For my PhD dissertation, I've developed a categorical generalization of many different systems of denotational semantics for light linear logic (LLL). I'd like to see if I can use this generalization to find a more "natural" (in the colloquial sense of the word) denotational semantics for LLL. At its core is a symmetric monoidal closed category with two functors on it. One of the functors is monoidal, and the other is not (well, it could be monoidal, but then it's a trivial example). There are some other requirements, but for the moment, I'm mostly curious about how common it is to have non-monoidal functors in the first place.


If you know of an example where someone uses a non-monoidal functor $T$ on a symmetric monoidal closed category $\mathbb{C}$, I'd like to hear about it. If you know of such a $T$ with natural transformations $d_A:TA \to TA\otimes TA$ and $e_A:TA \to 1$ forming comonoids for every object $A$, even better. If the category $\mathbb{C}$ also comes with a monoidal functor $S$, that would be even more fantastic. And if there's a natural transformation $T\Rightarrow S$, then I'll buy you dinner.

I've got examples (fibered phase spaces, stratified coherent spaces and locally bounded stratified cliques, games and discreet strategies, light length spaces), but they're all specifically created for this purpose, and I'm curious to see just how natural this kind of construction is.

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    $\begingroup$ Could you clarify a couple of points of terminology? First, some people use "monoidal functor" to mean what's sometimes called "lax monoidal" (so that you have not-necessarily-invertible maps $TA \otimes TB \to T(A \otimes B)$), while others use it to mean what's sometimes called "strong monoidal" (so that you have isomorphisms $TA \otimes TB \to T(A \otimes B)$). Second, what do you mean by a functor "on" a category $C$? Do you mean an endofunctor of $C$, or a functor $C \to \text{Set}$, or just a functor with domain $C$? $\endgroup$ Mar 20, 2012 at 14:02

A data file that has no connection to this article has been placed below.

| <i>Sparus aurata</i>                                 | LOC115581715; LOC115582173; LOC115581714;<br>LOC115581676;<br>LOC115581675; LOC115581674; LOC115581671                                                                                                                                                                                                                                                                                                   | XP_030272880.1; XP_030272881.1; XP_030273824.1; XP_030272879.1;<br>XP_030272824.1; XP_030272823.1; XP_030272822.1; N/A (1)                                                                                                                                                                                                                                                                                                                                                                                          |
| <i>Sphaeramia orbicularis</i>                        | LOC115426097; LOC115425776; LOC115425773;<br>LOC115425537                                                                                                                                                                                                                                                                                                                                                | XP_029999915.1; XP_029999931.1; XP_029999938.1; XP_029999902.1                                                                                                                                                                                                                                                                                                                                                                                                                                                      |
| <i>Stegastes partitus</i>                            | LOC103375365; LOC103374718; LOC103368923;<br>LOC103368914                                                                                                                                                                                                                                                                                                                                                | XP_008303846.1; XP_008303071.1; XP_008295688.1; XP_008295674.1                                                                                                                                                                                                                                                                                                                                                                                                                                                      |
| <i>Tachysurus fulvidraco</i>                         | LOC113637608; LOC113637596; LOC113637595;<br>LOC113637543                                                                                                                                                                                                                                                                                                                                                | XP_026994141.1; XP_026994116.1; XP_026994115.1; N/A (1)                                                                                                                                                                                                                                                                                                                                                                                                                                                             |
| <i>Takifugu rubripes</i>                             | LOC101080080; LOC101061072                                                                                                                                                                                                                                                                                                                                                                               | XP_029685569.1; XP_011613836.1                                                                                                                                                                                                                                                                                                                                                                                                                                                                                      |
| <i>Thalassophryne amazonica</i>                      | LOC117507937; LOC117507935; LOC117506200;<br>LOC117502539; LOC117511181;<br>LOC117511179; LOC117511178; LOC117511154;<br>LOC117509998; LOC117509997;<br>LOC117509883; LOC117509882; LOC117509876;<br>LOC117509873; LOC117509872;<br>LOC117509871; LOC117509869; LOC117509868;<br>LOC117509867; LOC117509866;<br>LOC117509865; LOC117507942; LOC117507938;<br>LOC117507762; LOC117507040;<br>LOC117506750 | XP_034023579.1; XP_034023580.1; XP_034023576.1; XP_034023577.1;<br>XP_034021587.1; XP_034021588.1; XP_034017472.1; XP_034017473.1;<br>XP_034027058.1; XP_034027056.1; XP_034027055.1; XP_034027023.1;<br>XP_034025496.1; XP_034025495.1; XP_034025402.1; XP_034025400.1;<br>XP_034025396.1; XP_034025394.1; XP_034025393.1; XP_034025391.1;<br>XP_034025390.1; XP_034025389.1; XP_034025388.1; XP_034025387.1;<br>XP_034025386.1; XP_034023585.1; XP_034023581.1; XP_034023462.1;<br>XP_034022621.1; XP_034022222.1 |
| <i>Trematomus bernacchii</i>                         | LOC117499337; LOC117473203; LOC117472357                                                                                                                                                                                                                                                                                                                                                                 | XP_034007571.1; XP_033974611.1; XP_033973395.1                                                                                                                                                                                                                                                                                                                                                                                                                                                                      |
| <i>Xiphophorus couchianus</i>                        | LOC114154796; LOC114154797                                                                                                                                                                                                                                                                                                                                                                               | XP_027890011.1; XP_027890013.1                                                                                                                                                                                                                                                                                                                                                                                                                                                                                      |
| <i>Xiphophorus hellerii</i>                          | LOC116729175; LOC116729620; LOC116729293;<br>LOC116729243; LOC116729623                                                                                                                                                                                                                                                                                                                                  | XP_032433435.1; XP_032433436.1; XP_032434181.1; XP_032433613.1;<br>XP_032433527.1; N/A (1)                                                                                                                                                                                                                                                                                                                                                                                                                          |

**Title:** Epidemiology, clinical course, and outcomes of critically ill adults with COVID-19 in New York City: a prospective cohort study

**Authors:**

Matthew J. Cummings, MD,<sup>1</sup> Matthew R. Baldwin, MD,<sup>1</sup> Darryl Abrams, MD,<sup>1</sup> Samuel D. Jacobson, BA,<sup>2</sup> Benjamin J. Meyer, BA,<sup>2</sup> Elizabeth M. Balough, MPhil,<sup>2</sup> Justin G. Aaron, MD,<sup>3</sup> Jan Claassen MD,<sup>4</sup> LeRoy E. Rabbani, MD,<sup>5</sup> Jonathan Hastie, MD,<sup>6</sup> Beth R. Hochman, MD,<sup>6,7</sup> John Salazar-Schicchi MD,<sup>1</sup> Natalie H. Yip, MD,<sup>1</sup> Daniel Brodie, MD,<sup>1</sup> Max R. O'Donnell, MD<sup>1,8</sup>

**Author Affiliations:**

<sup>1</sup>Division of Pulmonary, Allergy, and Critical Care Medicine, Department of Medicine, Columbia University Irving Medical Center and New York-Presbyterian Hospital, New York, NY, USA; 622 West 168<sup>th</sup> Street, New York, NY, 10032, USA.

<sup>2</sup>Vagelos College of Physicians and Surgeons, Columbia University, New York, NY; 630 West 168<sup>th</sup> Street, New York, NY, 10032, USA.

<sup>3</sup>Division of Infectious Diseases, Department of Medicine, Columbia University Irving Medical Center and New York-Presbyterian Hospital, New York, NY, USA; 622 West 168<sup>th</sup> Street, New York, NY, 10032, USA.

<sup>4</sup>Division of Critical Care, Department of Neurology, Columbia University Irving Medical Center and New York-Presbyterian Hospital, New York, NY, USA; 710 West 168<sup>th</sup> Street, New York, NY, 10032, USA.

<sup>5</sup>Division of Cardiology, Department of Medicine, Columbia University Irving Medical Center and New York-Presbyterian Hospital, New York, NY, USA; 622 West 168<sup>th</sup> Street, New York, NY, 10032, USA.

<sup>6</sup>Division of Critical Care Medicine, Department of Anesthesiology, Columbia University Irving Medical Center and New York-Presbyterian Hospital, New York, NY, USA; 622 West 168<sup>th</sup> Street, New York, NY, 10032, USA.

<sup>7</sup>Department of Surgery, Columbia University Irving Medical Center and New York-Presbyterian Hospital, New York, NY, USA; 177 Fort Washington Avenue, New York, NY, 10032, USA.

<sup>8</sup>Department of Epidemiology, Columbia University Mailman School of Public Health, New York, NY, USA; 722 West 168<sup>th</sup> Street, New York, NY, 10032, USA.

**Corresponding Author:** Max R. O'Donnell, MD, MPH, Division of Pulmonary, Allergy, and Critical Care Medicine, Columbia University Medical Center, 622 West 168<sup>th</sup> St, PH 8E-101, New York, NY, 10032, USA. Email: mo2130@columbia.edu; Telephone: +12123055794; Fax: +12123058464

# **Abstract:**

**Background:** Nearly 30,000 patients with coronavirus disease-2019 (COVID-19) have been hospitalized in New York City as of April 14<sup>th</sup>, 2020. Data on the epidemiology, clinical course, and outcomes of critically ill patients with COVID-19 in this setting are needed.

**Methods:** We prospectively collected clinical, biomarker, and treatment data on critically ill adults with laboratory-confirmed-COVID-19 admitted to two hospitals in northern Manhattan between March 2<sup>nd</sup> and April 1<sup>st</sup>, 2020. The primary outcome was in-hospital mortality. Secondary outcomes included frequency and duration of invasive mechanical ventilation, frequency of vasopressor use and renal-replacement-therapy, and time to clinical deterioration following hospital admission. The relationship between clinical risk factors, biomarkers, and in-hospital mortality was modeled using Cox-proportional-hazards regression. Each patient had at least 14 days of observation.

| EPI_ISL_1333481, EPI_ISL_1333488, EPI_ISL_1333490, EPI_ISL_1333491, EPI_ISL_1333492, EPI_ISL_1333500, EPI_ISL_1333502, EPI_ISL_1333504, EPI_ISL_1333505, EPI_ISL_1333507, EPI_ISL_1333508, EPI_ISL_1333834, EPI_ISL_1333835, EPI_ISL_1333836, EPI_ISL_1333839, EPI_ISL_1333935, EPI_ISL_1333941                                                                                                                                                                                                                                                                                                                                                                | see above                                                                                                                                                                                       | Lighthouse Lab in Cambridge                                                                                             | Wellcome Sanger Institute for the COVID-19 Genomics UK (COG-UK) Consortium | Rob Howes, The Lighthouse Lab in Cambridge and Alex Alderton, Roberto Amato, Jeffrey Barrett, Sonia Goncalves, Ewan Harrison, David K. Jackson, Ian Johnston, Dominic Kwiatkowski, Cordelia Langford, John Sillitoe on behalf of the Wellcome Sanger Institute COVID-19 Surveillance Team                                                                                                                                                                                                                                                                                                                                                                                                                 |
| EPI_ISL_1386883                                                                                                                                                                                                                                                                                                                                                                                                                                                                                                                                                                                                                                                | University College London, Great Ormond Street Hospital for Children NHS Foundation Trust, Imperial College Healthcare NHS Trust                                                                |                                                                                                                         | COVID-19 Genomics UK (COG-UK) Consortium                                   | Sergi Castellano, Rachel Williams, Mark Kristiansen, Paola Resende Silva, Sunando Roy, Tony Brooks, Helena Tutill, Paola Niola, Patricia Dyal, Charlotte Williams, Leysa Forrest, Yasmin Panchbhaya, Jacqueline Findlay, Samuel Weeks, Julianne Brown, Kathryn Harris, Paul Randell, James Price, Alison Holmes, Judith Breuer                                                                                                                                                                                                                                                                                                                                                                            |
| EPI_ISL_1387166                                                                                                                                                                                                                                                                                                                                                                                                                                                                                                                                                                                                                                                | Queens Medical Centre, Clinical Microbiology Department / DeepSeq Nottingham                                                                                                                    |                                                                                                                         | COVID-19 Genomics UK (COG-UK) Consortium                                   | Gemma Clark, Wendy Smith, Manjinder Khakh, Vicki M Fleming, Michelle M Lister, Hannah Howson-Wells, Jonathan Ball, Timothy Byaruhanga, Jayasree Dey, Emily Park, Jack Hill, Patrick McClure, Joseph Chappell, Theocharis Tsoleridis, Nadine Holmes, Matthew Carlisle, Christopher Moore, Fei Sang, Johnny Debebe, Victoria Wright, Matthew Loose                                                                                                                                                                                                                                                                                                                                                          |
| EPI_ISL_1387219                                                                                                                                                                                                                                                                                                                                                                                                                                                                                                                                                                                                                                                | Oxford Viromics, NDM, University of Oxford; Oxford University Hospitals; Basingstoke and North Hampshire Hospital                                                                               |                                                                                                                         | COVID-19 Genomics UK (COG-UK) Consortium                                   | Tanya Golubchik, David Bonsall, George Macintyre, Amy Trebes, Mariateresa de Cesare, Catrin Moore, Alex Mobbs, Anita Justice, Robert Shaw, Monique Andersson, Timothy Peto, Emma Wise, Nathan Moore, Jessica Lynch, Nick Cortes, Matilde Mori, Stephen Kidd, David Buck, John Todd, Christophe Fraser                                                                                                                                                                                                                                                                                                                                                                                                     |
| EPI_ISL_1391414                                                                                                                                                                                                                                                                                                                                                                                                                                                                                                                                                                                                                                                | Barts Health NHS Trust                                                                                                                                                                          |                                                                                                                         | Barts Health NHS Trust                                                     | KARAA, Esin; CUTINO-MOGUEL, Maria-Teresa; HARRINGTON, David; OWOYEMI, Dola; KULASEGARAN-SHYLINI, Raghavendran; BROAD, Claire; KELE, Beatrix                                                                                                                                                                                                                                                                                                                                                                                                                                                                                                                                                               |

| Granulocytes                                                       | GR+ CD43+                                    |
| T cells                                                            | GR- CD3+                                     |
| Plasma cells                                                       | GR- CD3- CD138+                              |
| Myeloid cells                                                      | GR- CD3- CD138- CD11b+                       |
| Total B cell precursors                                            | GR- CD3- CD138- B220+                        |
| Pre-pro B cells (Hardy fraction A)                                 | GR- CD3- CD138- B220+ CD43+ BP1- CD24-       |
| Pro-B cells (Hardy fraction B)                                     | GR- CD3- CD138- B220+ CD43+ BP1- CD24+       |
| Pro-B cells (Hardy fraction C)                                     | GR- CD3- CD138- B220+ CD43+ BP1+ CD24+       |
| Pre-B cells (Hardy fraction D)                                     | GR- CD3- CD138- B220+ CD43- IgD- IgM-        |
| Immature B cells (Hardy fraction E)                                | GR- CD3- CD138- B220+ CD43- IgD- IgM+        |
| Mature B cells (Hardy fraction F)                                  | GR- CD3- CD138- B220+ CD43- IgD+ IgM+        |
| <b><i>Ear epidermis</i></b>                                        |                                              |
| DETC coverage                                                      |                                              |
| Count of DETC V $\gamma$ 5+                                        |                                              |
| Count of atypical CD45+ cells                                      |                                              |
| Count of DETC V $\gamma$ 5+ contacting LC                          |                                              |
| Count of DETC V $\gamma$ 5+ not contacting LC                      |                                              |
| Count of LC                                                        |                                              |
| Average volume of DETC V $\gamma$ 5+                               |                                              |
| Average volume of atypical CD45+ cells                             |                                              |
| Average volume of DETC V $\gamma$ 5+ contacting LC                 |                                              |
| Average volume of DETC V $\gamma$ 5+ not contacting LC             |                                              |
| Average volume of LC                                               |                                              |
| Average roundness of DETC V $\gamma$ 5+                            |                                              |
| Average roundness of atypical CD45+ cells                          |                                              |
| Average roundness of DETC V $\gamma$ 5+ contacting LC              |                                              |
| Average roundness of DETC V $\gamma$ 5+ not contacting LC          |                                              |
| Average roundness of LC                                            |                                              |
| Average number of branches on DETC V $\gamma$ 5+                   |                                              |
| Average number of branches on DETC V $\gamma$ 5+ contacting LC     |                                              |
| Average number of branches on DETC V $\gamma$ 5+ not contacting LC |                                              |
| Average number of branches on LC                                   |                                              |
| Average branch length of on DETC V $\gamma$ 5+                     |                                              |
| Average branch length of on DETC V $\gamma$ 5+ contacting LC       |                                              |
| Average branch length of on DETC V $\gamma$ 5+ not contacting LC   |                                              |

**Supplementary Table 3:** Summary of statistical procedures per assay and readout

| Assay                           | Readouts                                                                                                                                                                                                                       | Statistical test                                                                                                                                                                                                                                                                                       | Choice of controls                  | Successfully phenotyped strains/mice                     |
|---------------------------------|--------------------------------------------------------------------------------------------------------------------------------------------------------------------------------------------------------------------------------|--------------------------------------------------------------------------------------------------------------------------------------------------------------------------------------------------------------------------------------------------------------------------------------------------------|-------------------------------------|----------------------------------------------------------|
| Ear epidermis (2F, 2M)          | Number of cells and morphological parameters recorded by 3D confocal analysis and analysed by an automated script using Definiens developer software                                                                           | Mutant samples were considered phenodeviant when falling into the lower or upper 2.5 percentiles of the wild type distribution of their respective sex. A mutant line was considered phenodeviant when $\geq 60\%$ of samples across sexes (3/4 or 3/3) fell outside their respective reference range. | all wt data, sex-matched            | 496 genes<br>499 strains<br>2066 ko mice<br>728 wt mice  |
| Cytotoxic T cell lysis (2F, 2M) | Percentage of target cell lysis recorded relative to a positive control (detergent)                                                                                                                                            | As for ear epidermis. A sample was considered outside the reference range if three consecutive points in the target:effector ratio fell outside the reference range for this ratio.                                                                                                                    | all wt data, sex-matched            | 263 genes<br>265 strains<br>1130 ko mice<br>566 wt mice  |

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    $\begingroup$ Actually, the more I think about this question, the more strange it seems. Take Set, with cartesian product. There are very many useful/natural endofunctors T of Set, and many of them aren't monoidal. Every set is a comonoid in a unique way, and for any endofunctor T of set, there are unique nat transfs d and e satisfying your conditions. Moreover, Set comes with a monoidal endofunctor S: the identity. It's surely the case that for some non-monoidal endofunctors T of Set, there exists a nat transf T => id. But I won't attempt to think of any, as I've just had lunch. $\endgroup$ Mar 20, 2012 at 14:57
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    $\begingroup$ Because he's interested in models of linear logic, I'm going to speculate that Erik wants his symmetric monoidal category to not be cartesian. But what about $T(A)=$ the cofree comonoid on $A$? $\endgroup$ Mar 20, 2012 at 20:58
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    $\begingroup$ By "monoidal", I mean lax monoidal, not strong monoidal, and by "a functor on $\mathbb{C}$, I mean an endofunctor on $\mathbb{C}$. Mike is absolutely correct. I'd prefer for the symmetric monoidal category to not be cartesian. Although now that I think about it, I forgot to mention that it should be a symmetric monoidal <em>closed</em> category. Technically, it's still a light linear category if it's cartesian, but it's not very interesting as a model of LLL. The same goes for when $S$ is the identity (it gets closer to a model for ordinary linear logic in that case). $\endgroup$ Mar 21, 2012 at 13:54
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    $\begingroup$ @Erik guess Mike means $C$ symm monoidal closed such that $U \colon C \to \mathbf{Comon}(C)$ has a right adjoint $!$. Then you get a comonad $T = U\circ !$ on $C$. We obviously have $d_A \colon TA \to TA \otimes TA, e_a \colon TA \to A$ as you require, and these being nat transformations to the comonoid morphism eqs for each $!f$. This looks like Lafont categories but without cocommutativity. However, I think that $T$ will be monoidal anyway; as ($C$ being symmetric) the left adjoint $U$ is strong monoidal and then by doctrinal adjunction $!$ is lax monoidal, so $T= U\circ !$ lax monoidal $\endgroup$ Mar 23, 2012 at 15:38

3 Answers 3


As in my comment above, I'm not sure precisely what's being asked, so the following might or might not be a useful answer. In any case, it doesn't get me dinner.

Let $\mathbf{D}$ be the category of finite totally ordered sets, which is monoidal under disjoint union. It doesn't matter whether you take "all" finite totally ordered sets or just a skeleton, but the important thing is that the empty set is included — so $\mathbf{D}$ is not $\Delta$.

Small theorem: colax monoidal functors $\mathbf{D} \to \mathbf{Set}$ (yes, covariant) are the same thing as simplicial sets.

Generally, for any category $\mathcal{E}$ with finite products, colax monoidal functors $\mathbf{D} \to \mathcal{E}$ amount to simplicial objects in $\mathcal{E}$. (Proof: Proposition 3.1.7 of this, where I'm afraid $\mathbf{D}$ is called $\Delta$ and $\Delta$ is called $\Delta^+$.)